"Ratings Agencies and WMD Intelligence"
According to Jacob Weisberg no one could have predicted that subprime mortgage-backed securities would go under:
The assumption that the rating agencies knew their business, a key enabler of the subprime meltdown, is analogous to the view before the Iraq war that Saddam Hussein had WMD. There are a lot of people now who scoff about what an obvious fallacy that was and not many who can point to doubts expressed at the time. But even if Rubin had better understood the risks Citi traders were taking and been in a position to do something about it, he almost certainly would not have said, “sell the AAA-rated CDOs.” Nor would anyone else have.
Brad DeLong notes that a number of economists expressed doubts on this score. Robert Waldmann observes that majorities in the House and Senate passed a bill signed into law by George W Bush that “gave authority to the Securities and Exchange Commission to designate, regulate and investigate rating companies” so clearly doubts about the ratings agencies were in circulation.
But back to the WMD! For one thing, I don’t think Weisberg is even stating correctly what the controversy is all about. If it was really widely believed that Saddam Hussein had working nuclear weapons or the ability to unleash a massive plague on humanity—i.e., weapons capable of unleashing mass destruction—then obviously there wouldn’t have been an invasion at all. Nobody invades nuclear-armed countries, which is more or less the point. The notion that Saddam “had” something called “weapons of mass destruction” was based on a rhetorical sleight of hand that lumped illegal-but-not-especially-massively-destructive poison gas weapons in with nukes. It’s true that many elites went along with the Bush administration in promoting promoting this confusion, but Tim Noah blew the whole thing to shreds in Slate so Weisberg can hardly say nobody was expressing doubts on this score.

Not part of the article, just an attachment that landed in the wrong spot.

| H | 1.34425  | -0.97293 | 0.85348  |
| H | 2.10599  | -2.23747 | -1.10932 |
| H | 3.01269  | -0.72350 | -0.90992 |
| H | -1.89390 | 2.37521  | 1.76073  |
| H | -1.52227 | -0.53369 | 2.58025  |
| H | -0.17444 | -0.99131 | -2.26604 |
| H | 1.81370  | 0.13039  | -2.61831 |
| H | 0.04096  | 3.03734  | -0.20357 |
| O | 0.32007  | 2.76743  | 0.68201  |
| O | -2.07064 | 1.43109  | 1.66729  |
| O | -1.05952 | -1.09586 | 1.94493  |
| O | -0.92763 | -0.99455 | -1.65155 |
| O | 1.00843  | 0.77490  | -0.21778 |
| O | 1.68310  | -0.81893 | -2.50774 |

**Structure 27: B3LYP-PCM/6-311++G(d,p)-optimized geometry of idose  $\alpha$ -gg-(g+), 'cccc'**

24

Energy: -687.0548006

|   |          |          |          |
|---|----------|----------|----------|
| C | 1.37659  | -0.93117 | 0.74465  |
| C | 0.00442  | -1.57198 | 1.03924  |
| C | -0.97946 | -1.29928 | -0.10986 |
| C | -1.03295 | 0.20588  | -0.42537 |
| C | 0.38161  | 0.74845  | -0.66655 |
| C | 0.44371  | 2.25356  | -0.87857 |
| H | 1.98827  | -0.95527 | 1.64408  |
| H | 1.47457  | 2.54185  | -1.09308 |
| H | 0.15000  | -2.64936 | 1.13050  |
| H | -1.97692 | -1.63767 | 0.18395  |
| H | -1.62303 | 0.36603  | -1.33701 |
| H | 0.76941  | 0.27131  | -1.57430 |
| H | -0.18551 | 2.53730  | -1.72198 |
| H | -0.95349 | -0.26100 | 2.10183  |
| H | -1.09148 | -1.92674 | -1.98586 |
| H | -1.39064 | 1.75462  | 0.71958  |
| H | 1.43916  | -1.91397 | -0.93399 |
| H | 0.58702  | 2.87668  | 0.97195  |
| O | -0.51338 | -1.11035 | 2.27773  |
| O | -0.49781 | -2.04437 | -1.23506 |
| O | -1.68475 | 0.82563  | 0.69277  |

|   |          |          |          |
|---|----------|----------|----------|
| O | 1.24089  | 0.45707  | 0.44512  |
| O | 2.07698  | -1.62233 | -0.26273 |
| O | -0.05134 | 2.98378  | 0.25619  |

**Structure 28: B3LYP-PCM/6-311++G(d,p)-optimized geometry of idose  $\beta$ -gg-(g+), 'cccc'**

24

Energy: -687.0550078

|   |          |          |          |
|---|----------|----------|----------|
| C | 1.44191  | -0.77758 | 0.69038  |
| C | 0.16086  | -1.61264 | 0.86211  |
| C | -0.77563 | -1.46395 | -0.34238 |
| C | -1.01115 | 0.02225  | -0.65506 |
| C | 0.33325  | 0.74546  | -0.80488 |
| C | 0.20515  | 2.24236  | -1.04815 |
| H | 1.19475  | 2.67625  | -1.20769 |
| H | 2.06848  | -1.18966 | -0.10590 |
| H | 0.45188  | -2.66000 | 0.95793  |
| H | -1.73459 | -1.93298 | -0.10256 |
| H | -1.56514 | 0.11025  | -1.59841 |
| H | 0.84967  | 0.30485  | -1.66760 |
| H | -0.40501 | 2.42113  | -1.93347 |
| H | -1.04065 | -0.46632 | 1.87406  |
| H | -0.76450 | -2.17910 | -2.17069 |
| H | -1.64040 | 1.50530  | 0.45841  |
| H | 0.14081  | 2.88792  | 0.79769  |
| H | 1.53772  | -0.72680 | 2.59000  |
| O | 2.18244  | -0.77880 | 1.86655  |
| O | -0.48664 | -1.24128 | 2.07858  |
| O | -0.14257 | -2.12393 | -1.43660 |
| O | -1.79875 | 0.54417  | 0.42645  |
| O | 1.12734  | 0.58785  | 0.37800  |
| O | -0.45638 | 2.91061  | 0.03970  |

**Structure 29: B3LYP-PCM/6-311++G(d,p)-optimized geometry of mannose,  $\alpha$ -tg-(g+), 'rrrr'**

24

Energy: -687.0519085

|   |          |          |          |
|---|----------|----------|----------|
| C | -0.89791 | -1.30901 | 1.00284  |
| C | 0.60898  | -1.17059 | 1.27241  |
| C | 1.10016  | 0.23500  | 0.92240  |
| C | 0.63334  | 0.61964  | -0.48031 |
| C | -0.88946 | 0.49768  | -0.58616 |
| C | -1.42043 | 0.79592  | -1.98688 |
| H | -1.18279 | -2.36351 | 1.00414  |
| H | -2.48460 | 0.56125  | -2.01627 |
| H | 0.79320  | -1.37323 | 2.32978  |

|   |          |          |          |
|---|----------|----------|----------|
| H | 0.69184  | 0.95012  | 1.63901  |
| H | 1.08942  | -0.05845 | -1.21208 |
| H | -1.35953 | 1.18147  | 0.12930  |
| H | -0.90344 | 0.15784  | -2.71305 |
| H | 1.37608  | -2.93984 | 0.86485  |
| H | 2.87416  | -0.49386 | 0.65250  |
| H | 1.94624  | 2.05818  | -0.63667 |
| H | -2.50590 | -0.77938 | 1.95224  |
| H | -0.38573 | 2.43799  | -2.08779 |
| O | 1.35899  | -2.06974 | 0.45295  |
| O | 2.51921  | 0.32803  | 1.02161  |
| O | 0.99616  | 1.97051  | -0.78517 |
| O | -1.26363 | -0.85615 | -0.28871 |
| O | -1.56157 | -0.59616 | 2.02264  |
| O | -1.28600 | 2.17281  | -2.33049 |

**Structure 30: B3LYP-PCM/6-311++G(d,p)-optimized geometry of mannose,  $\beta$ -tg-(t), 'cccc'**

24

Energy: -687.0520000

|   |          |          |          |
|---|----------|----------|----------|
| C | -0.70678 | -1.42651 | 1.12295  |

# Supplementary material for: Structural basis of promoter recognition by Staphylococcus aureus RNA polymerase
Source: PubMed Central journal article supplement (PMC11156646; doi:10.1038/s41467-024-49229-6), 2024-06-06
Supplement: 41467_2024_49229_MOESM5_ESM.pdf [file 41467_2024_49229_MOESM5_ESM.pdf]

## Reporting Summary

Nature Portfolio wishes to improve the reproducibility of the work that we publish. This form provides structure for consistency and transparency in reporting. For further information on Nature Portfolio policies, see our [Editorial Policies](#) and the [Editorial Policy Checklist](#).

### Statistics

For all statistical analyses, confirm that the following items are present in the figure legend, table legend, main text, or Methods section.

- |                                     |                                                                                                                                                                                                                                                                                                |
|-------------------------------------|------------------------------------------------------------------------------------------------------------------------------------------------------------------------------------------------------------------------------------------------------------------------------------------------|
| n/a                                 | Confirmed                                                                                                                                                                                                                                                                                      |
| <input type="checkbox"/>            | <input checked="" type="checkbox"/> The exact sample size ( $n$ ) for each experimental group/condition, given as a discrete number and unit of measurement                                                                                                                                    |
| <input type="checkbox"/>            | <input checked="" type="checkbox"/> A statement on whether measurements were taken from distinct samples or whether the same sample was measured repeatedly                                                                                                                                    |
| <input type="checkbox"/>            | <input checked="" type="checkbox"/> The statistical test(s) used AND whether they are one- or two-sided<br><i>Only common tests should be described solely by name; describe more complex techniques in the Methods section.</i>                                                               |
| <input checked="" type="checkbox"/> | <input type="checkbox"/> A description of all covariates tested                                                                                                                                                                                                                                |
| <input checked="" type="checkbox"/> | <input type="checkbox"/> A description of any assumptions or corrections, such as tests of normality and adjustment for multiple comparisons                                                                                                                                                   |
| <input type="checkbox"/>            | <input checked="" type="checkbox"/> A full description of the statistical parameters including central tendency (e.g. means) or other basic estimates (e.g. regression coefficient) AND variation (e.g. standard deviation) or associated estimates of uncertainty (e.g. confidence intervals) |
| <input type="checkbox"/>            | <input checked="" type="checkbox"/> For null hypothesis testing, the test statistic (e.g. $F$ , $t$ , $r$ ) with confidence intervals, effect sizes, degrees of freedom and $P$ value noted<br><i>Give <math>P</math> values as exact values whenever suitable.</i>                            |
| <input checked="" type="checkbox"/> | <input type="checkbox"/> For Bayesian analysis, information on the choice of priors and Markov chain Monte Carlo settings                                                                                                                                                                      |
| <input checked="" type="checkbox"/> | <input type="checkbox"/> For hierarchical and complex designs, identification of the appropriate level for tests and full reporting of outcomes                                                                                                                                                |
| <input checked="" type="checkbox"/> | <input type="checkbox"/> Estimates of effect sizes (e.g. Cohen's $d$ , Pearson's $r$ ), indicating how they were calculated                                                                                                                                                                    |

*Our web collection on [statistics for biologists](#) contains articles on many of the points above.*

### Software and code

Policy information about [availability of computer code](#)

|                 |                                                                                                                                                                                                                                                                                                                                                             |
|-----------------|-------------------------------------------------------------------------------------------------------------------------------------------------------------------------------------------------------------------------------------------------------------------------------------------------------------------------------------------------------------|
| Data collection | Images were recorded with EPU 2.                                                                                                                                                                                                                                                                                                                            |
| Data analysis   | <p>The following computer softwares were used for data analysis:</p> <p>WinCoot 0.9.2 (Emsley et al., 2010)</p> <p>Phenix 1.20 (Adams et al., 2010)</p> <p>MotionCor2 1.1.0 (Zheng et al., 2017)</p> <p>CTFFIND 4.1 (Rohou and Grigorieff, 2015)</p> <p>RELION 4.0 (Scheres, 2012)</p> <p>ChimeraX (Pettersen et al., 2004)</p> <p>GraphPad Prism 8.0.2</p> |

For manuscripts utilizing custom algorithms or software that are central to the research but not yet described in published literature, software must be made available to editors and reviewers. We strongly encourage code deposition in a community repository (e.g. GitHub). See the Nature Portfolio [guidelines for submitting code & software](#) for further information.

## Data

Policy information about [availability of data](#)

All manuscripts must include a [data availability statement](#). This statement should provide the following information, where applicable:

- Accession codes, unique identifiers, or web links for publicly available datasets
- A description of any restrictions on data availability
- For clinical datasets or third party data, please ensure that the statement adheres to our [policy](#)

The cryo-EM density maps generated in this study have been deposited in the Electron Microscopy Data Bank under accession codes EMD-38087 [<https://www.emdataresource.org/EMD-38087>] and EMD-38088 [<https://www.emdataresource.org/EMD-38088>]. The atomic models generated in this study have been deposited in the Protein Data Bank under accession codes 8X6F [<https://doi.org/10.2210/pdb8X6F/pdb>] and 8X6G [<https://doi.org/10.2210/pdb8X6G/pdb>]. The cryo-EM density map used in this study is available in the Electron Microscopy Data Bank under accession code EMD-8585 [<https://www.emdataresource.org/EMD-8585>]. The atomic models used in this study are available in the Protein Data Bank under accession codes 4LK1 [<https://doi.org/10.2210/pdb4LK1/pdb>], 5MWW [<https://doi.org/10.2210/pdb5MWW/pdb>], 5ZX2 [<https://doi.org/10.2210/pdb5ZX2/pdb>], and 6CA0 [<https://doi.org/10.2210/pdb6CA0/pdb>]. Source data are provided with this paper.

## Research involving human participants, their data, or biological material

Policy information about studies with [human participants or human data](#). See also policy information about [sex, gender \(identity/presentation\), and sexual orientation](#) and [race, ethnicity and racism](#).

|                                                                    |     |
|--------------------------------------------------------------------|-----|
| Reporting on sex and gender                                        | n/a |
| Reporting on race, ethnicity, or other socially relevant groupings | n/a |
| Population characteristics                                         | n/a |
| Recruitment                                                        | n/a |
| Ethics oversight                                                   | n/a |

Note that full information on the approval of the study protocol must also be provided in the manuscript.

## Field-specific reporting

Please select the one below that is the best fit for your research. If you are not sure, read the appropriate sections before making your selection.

The thing the controversy was about, meanwhile, wasn’t weapons but weapons programs—specifically nuclear weapons programs. But is it true that nobody expressed doubts about this? Well I guess I’m the only person who remembers this since it actually changed my mind (far too late, I was an idiot) about the war but the IAEA nuclear weapons inspectors got on the ground and concluded there was no nuclear weapons program:
Nuclear weapons inspections in Iraq are making marked progress. To date, we have found no substantiated evidence of the revival in Iraq of a nuclear weapons programme – the most lethal of the weapons of mass destruction. No verification programme can provide absolute guarantees that every facility or piece of equipment has been seen; there is always some degree of risk – and for that reason we need to continue to maintain a monitoring and verification presence in Iraq well into the future. For the present, we intend to continue our programme of intrusive inspection, making use of all the authority granted to us by the Security Council and all the information provided by other States. Barring any unforeseen circumstances, and provided that the level of co-operation by Iraq accelerates and support by other States continues, the IAEA should be able, in the near future, to provide the Security Council with credible assurance regarding the presence or absence of a nuclear weapons programme in Iraq.
It’s true, again, that few political or media elites bothered to pay attention to this report but that’s different from saying that nobody knew. After all, who was in a better-position to know than the IAEA inspection team? It’s just that nobody cared.